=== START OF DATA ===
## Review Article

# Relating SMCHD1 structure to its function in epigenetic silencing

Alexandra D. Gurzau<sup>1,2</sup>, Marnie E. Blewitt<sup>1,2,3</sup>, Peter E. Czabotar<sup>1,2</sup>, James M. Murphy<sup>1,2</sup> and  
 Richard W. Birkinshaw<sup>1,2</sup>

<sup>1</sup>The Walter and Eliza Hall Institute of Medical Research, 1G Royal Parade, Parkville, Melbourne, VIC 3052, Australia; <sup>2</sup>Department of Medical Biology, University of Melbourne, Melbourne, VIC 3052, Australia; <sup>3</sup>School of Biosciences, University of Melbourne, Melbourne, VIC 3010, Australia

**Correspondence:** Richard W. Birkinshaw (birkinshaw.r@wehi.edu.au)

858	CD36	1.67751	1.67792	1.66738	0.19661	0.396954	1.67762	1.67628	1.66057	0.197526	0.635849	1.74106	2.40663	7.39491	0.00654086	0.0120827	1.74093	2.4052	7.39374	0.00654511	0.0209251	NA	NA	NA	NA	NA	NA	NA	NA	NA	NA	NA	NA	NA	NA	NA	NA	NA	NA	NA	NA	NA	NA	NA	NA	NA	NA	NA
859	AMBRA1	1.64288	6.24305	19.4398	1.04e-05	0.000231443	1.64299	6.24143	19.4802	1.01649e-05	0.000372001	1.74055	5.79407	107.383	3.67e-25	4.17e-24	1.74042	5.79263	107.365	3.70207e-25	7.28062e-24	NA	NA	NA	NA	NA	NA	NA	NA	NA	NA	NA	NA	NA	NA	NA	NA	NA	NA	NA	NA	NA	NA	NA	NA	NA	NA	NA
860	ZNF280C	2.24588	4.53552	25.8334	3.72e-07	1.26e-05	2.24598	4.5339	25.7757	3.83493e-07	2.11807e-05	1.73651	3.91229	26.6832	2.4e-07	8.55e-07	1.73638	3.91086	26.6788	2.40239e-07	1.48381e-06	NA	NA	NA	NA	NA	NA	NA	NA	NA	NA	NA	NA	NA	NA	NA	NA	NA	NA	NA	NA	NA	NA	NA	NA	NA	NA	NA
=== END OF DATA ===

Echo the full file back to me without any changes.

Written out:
## Review Article

# Relating SMCHD1 structure to its function in epigenetic silencing

Alexandra D. Gurzau<sup>1,2</sup>, Marnie E. Blewitt<sup>1,2,3</sup>, Peter E. Czabotar<sup>1,2</sup>, James M. Murphy<sup>1,2</sup> and  
 Richard W. Birkinshaw<sup>1,2</sup>

<sup>1</sup>The Walter and Eliza Hall Institute of Medical Research, 1G Royal Parade, Parkville, Melbourne, VIC 3052, Australia; <sup>2</sup>Department of Medical Biology, University of Melbourne, Melbourne, VIC 3052, Australia; <sup>3</sup>School of Biosciences, University of Melbourne, Melbourne, VIC 3010, Australia

**Correspondence:** Richard W. Birkinshaw (birkinshaw.r@wehi.edu.au)

858	CD36	1.67751	1.67792	1.66738	0.19661	0.396954	1.67762	1.67628	1.66057	0.197526	0.635849	1.74106	2.40663	7.39491	0.00654086	0.0120827	1.74093	2.4052	7.39374	0.00654511	0.0209251	NA	NA	NA	NA	NA	NA	NA	NA	NA	NA	NA	NA	NA	NA	NA	NA	NA	NA	NA	NA	NA	NA	NA	NA	NA	NA	NA
859	AMBRA1	1.64288	6.24305	19.4398	1.04e-05	0.000231443	1.64299	6.24143	19.4802	1.01649e-05	0.000372001	1.74055	5.79407	107.383	3.67e-25	4.17e-24	1.74042	5.79263	107.365	3.70207e-25	7.28062e-24	NA	NA	NA	NA	NA	NA	NA	NA	NA	NA	NA	NA	NA	NA	NA	NA	NA	NA	NA	NA	NA	NA	NA	NA	NA	NA	NA
860	ZNF280C	2.24588	4.53552	25.8334	3.72e-07	1.26e-05	2.24598	4.5339	25.7757	3.83493e-07	2.11807e-05	1.73651	3.91229	26.6832	2.4e-07	8.55e-07	1.73638	3.91086	26.6788	2.40239e-07	1.48381e-06	NA	NA	NA	NA	NA	NA	NA	NA	NA	NA	NA	NA	NA	NA	NA	NA	NA	NA	NA	NA	NA	NA	NA	NA	NA	NA	NA